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When Your Partner Says No to Sex

Being refused need not be the end of the world, just a disappointment.

Key points

  • Being refused is an essential part of life for anyone who is proactive in getting their desires met.
  • For those who are reluctant to ask for sex, rehearsing beforehand can make it easier.
  • When a person wants more sex than their partner, they need to problem-solve rather than start a fight.
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Of course, it's a disappointment when your partner isn’t interested in sex when you are, but that’s all it is—a disappointment. If you're in a long-term relationship, there will be other times.

I often hear from women, who are usually not as experienced at initiating, “I’ve tried being the one to start things a few times, but I hate being turned down.” Do you imagine that men enjoy it? No one likes to be turned down for something he or she wants, even if it’s just a dance. Men may be more experienced in hearing no, but that doesn’t make it any easier. If any person is inexperienced in hearing no, he or she is just not putting themselves out there often enough. Being refused is an essential part of the life of a person who is proactive in getting his or her wants met.

In a long-term relationship, the partner with the higher libido—which is not always the man in a heterosexual couple—may feel as if their partner doesn’t care about them, because he or she is “always” saying no. If it feels like the refusing is frequent, the matter needs to be brought up and discussed in daylight: “How would you prefer me to approach you, since I feel you’re always turning me down?” If you have a non-communicative partner who doesn’t like to discuss sex, or who answers with a shrug or an “I don’t know,” it’s okay to push a bit more: “Would sex before dinner be more appealing, or when we wake up rather than when we go to sleep?” If you’re the one who wants more sex, then it’s your problem, and what you need to do is problem-solve, not start a fight, so keep at it.

And what if it’s the way your partner says no, even if it’s not that often? Say so: “When you’re not interested in sex, I sure wish you’d make a counteroffer rather than just saying no. Could you try something like, ‘I’m not in the mood right now, but try me again this evening’? That way, I won’t feel so rejected.”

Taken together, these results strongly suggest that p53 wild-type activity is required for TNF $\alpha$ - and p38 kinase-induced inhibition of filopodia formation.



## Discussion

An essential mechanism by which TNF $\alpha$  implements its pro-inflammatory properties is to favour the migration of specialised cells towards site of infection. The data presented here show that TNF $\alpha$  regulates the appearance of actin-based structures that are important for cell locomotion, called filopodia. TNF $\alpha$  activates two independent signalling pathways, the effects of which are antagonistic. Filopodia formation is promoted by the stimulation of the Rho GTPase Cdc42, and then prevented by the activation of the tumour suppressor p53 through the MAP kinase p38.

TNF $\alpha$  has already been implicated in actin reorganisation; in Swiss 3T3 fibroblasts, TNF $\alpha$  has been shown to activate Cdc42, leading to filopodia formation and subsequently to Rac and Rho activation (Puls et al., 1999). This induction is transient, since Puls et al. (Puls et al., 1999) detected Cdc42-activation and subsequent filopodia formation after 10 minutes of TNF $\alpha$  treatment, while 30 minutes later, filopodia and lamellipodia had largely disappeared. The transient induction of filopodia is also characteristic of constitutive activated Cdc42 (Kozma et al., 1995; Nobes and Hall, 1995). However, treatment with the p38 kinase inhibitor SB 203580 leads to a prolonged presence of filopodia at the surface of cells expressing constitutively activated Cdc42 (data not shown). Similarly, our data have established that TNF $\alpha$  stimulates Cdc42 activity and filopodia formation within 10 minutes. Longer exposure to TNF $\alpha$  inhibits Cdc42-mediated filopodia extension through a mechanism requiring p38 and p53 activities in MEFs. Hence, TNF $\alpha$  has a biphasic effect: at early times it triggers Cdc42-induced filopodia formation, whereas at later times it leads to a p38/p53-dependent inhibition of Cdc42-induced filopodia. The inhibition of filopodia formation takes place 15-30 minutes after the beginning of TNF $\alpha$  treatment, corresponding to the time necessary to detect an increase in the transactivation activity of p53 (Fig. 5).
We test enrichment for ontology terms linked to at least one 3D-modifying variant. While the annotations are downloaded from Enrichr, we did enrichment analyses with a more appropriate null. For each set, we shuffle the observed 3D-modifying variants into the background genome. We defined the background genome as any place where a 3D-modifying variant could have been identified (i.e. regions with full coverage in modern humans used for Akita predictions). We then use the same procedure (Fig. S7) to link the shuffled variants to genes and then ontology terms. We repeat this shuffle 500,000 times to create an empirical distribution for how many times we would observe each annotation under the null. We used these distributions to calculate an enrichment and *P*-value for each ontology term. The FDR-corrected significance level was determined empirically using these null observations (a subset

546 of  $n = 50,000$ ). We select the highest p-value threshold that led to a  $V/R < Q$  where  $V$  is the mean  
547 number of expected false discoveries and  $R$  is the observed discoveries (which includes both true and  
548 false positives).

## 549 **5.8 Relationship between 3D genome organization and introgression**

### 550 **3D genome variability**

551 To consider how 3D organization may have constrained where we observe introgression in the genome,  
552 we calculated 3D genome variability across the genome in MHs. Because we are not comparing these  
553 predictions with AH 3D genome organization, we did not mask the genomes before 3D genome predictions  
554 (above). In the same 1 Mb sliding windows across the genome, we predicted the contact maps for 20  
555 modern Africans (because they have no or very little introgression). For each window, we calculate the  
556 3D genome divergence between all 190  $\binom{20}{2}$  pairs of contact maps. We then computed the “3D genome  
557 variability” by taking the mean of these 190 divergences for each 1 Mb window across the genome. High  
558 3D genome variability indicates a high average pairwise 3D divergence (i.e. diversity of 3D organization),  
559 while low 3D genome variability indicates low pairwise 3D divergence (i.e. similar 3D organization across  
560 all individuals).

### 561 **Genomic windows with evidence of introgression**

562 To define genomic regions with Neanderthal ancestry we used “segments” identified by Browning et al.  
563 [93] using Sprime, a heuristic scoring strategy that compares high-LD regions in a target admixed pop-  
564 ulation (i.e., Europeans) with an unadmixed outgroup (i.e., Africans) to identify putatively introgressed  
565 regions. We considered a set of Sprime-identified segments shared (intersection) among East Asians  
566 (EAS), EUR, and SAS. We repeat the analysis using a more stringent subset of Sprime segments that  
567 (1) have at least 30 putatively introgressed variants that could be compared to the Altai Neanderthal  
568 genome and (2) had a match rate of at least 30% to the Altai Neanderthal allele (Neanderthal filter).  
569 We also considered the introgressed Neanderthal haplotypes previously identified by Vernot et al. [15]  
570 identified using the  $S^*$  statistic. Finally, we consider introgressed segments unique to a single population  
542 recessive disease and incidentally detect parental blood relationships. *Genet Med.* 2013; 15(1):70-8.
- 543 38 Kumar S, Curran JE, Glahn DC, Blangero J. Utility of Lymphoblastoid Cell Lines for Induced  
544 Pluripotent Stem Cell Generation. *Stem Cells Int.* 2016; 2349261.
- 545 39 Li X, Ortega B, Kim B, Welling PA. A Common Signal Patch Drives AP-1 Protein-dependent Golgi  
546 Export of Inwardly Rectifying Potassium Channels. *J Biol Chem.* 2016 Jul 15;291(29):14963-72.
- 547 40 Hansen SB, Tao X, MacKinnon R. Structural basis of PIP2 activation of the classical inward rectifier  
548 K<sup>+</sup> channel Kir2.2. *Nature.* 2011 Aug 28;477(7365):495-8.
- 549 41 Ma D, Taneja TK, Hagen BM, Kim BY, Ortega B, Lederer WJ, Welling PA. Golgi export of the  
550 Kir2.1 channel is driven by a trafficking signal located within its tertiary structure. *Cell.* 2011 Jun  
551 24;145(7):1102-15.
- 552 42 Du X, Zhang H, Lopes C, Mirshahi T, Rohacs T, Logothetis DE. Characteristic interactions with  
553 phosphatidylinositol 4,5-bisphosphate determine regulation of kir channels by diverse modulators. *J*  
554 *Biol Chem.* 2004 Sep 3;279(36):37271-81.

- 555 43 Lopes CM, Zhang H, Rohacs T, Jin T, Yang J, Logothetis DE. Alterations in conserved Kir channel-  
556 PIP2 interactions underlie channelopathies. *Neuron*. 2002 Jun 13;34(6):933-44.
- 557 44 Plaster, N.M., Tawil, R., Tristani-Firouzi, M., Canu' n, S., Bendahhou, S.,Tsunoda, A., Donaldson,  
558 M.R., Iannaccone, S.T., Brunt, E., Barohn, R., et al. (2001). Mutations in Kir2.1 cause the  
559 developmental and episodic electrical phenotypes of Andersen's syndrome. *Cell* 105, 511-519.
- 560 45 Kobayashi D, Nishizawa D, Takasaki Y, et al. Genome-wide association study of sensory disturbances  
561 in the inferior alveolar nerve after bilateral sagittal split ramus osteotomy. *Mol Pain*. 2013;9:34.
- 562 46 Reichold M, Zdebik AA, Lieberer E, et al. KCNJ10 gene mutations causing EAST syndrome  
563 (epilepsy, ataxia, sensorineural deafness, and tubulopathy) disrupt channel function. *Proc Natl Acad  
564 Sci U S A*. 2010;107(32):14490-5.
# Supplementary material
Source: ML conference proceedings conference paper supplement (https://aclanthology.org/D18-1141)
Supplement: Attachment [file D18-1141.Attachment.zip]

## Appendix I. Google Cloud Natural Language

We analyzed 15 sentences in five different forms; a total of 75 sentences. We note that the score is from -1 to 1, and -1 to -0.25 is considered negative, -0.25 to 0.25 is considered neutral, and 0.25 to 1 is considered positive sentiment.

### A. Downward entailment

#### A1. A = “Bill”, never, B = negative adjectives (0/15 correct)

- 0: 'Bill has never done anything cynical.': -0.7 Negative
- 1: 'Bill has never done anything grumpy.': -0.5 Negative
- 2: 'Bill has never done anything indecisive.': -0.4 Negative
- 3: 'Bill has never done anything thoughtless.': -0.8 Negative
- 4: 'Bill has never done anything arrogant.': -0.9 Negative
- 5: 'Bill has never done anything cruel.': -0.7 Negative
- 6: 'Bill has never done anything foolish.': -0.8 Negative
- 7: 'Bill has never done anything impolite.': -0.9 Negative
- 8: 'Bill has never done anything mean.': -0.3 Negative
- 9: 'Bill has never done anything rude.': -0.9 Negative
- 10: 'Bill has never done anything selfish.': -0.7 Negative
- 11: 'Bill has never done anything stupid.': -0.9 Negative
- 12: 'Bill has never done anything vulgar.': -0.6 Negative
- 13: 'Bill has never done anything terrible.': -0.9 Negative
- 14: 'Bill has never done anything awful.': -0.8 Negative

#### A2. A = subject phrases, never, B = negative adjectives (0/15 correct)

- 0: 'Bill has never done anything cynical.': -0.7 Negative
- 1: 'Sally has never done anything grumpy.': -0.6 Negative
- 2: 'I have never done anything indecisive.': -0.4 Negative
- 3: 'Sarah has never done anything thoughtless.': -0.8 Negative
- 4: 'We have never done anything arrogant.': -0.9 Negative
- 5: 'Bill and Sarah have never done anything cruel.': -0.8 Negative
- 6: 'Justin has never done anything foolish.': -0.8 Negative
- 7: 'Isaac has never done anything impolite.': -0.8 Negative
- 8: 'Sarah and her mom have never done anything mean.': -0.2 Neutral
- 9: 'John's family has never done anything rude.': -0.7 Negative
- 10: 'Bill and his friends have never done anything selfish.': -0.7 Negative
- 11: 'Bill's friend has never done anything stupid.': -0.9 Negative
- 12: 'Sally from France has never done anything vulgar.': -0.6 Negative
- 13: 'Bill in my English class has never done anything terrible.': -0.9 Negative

A person who asks explicitly for what he or she wants—not hints, but asks plainly—is much more likely to receive it. If you are reluctant, perhaps rehearsing by yourself will make it easier. And what if you’re a person with a partner who really is generally unwilling to have sex with you or is physically unable? As the population ages, the latter situation occurs more and more often. Let’s address the former first—a partner who is no longer interested in having sex, or just in having sex with you. Are you strong enough to hear it? Better to find out sooner than later to see what, if anything, can be done about it—sex therapy, couples' counseling, opening the relationship, breaking up. The only way to reach even a semi-satisfactory solution is to have an honest discussion about what is possible. Hoping in silence that something will change is usually futile.

What if your partner does admit there are physical obstacles—she finds intercourse painful, or he can’t be sure of getting or keeping an erection? Again, it's better to know that than to feel like you personally are being rejected. And now it’s time to problem-solve, with a physician’s help, to see what solutions might be possible.

To sum up: When a long-term partner begins refusing sex with you, or when the number of times they say no outnumber the times they say yes, it’s time for a conversation. Is this a problem? Then there is likely some solution that can be arrived at through honest discussion. If it's just a matter of occasional disappointment, well, that’s life. Still, hearing no from your partner can be made a bit more acceptable if he or she does so in a kinder manner. Let them know.

More from Isadora Alman MFT, CST
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